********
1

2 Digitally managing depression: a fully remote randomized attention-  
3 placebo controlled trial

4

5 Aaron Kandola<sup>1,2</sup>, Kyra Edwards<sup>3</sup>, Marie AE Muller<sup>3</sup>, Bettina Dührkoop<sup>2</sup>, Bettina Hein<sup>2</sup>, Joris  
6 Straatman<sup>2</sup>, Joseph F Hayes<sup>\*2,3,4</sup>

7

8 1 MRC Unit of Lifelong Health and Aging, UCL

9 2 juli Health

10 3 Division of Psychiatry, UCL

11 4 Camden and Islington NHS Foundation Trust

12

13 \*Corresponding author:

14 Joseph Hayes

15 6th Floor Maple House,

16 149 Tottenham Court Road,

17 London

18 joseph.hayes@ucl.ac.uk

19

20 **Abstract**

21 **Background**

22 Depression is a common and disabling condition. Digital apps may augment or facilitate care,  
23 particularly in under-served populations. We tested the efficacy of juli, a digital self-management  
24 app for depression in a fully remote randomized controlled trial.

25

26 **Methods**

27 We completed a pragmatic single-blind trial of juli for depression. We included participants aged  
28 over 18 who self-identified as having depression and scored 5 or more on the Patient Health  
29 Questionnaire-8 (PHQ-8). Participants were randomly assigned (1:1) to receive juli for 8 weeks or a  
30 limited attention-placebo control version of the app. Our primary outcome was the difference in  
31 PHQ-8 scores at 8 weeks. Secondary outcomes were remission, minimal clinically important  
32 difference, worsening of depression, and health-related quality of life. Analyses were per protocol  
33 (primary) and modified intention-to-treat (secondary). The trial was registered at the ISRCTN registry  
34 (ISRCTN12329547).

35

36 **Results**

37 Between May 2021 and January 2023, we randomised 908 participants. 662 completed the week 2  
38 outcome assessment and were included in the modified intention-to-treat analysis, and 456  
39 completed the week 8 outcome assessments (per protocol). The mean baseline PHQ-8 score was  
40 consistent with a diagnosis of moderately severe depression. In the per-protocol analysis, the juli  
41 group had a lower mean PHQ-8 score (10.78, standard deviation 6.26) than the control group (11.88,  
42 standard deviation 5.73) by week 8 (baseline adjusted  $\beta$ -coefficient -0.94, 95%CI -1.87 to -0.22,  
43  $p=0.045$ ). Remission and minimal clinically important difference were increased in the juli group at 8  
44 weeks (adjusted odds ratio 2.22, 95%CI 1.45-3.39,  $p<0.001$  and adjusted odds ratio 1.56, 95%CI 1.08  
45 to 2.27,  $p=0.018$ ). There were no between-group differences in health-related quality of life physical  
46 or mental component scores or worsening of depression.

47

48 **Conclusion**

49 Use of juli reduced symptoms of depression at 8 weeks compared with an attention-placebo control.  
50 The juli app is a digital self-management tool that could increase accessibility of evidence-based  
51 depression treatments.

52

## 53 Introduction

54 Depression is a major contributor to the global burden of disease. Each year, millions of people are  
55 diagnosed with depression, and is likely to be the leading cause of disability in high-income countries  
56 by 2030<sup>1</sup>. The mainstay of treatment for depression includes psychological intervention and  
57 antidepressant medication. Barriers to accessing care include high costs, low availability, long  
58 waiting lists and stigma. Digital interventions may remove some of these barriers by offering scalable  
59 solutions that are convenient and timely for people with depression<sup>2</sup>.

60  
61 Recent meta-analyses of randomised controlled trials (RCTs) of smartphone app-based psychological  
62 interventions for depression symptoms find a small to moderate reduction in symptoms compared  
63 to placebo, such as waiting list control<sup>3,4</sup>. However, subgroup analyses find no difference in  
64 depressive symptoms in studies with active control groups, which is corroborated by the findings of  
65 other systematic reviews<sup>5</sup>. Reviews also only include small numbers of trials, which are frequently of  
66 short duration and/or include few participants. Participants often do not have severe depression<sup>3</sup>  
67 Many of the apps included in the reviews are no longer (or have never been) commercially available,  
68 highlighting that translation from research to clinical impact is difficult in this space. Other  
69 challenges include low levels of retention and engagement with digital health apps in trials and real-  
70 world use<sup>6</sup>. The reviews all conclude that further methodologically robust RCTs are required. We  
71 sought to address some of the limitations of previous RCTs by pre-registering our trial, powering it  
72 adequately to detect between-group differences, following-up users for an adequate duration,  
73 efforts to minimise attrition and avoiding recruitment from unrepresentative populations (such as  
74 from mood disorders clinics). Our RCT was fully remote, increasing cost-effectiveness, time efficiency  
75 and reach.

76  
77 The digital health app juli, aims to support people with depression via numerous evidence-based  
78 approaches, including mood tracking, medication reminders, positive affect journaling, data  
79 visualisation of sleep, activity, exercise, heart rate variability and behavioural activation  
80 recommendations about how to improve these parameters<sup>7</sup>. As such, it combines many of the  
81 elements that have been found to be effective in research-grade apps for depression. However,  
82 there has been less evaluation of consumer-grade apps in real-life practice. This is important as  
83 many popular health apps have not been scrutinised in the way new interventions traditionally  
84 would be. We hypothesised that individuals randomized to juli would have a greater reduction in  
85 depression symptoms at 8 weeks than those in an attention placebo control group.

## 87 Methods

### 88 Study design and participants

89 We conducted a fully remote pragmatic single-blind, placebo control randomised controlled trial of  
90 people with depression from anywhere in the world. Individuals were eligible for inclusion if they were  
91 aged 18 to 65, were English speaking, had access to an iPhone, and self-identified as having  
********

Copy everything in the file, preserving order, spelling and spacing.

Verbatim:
1

2 Digitally managing depression: a fully remote randomized attention-  
3 placebo controlled trial

4

5 Aaron Kandola<sup>1,2</sup>, Kyra Edwards<sup>3</sup>, Marie AE Muller<sup>3</sup>, Bettina Dührkoop<sup>2</sup>, Bettina Hein<sup>2</sup>, Joris  
6 Straatman<sup>2</sup>, Joseph F Hayes<sup>\*2,3,4</sup>

7

8 1 MRC Unit of Lifelong Health and Aging, UCL

9 2 juli Health

10 3 Division of Psychiatry, UCL

11 4 Camden and Islington NHS Foundation Trust

12

13 \*Corresponding author:

14 Joseph Hayes

15 6th Floor Maple House,

16 149 Tottenham Court Road,

17 London

18 joseph.hayes@ucl.ac.uk

19

20 **Abstract**

21 **Background**

22 Depression is a common and disabling condition. Digital apps may augment or facilitate care,  
23 particularly in under-served populations. We tested the efficacy of juli, a digital self-management  
24 app for depression in a fully remote randomized controlled trial.

25

26 **Methods**

27 We completed a pragmatic single-blind trial of juli for depression. We included participants aged  
28 over 18 who self-identified as having depression and scored 5 or more on the Patient Health  
29 Questionnaire-8 (PHQ-8). Participants were randomly assigned (1:1) to receive juli for 8 weeks or a  
30 limited attention-placebo control version of the app. Our primary outcome was the difference in  
31 PHQ-8 scores at 8 weeks. Secondary outcomes were remission, minimal clinically important  
32 difference, worsening of depression, and health-related quality of life. Analyses were per protocol  
33 (primary) and modified intention-to-treat (secondary). The trial was registered at the ISRCTN registry  
34 (ISRCTN12329547).

35

36 **Results**

37 Between May 2021 and January 2023, we randomised 908 participants. 662 completed the week 2  
38 outcome assessment and were included in the modified intention-to-treat analysis, and 456  
39 completed the week 8 outcome assessments (per protocol). The mean baseline PHQ-8 score was  
40 consistent with a diagnosis of moderately severe depression. In the per-protocol analysis, the juli  
41 group had a lower mean PHQ-8 score (10.78, standard deviation 6.26) than the control group (11.88,  
42 standard deviation 5.73) by week 8 (baseline adjusted  $\beta$ -coefficient -0.94, 95%CI -1.87 to -0.22,  
43  $p=0.045$ ). Remission and minimal clinically important difference were increased in the juli group at 8  
44 weeks (adjusted odds ratio 2.22, 95%CI 1.45-3.39,  $p<0.001$  and adjusted odds ratio 1.56, 95%CI 1.08  
45 to 2.27,  $p=0.018$ ). There were no between-group differences in health-related quality of life physical  
46 or mental component scores or worsening of depression.

47

48 **Conclusion**

49 Use of juli reduced symptoms of depression at 8 weeks compared with an attention-placebo control.  
50 The juli app is a digital self-management tool that could increase accessibility of evidence-based  
51 depression treatments.

52

## 53 Introduction

54 Depression is a major contributor to the global burden of disease. Each year, millions of people are  
55 diagnosed with depression, and is likely to be the leading cause of disability in high-income countries  
56 by 2030<sup>1</sup>. The mainstay of treatment for depression includes psychological intervention and  
57 antidepressant medication. Barriers to accessing care include high costs, low availability, long  
58 waiting lists and stigma. Digital interventions may remove some of these barriers by offering scalable  
59 solutions that are convenient and timely for people with depression<sup>2</sup>.

60  
61 Recent meta-analyses of randomised controlled trials (RCTs) of smartphone app-based psychological  
62 interventions for depression symptoms find a small to moderate reduction in symptoms compared  
63 to placebo, such as waiting list control<sup>3,4</sup>. However, subgroup analyses find no difference in  
64 depressive symptoms in studies with active control groups, which is corroborated by the findings of  
65 other systematic reviews<sup>5</sup>. Reviews also only include small numbers of trials, which are frequently of  
66 short duration and/or include few participants. Participants often do not have severe depression<sup>3</sup>  
67 Many of the apps included in the reviews are no longer (or have never been) commercially available,  
68 highlighting that translation from research to clinical impact is difficult in this space. Other  
69 challenges include low levels of retention and engagement with digital health apps in trials and real-  
70 world use<sup>6</sup>. The reviews all conclude that further methodologically robust RCTs are required. We  
71 sought to address some of the limitations of previous RCTs by pre-registering our trial, powering it  
72 adequately to detect between-group differences, following-up users for an adequate duration,  
73 efforts to minimise attrition and avoiding recruitment from unrepresentative populations (such as  
74 from mood disorders clinics). Our RCT was fully remote, increasing cost-effectiveness, time efficiency  
75 and reach.

76  
77 The digital health app juli, aims to support people with depression via numerous evidence-based  
78 approaches, including mood tracking, medication reminders, positive affect journaling, data  
79 visualisation of sleep, activity, exercise, heart rate variability and behavioural activation  
80 recommendations about how to improve these parameters<sup>7</sup>. As such, it combines many of the  
81 elements that have been found to be effective in research-grade apps for depression. However,  
82 there has been less evaluation of consumer-grade apps in real-life practice. This is important as  
83 many popular health apps have not been scrutinised in the way new interventions traditionally  
84 would be. We hypothesised that individuals randomized to juli would have a greater reduction in  
85 depression symptoms at 8 weeks than those in an attention placebo control group.

## 87 Methods

### 88 Study design and participants

89 We conducted a fully remote pragmatic single-blind, placebo control randomised controlled trial of  
90 people with depression from anywhere in the world. Individuals were eligible for inclusion if they were  
91 aged 18 to 65, were English speaking, had access to an iPhone, and self-identified as having  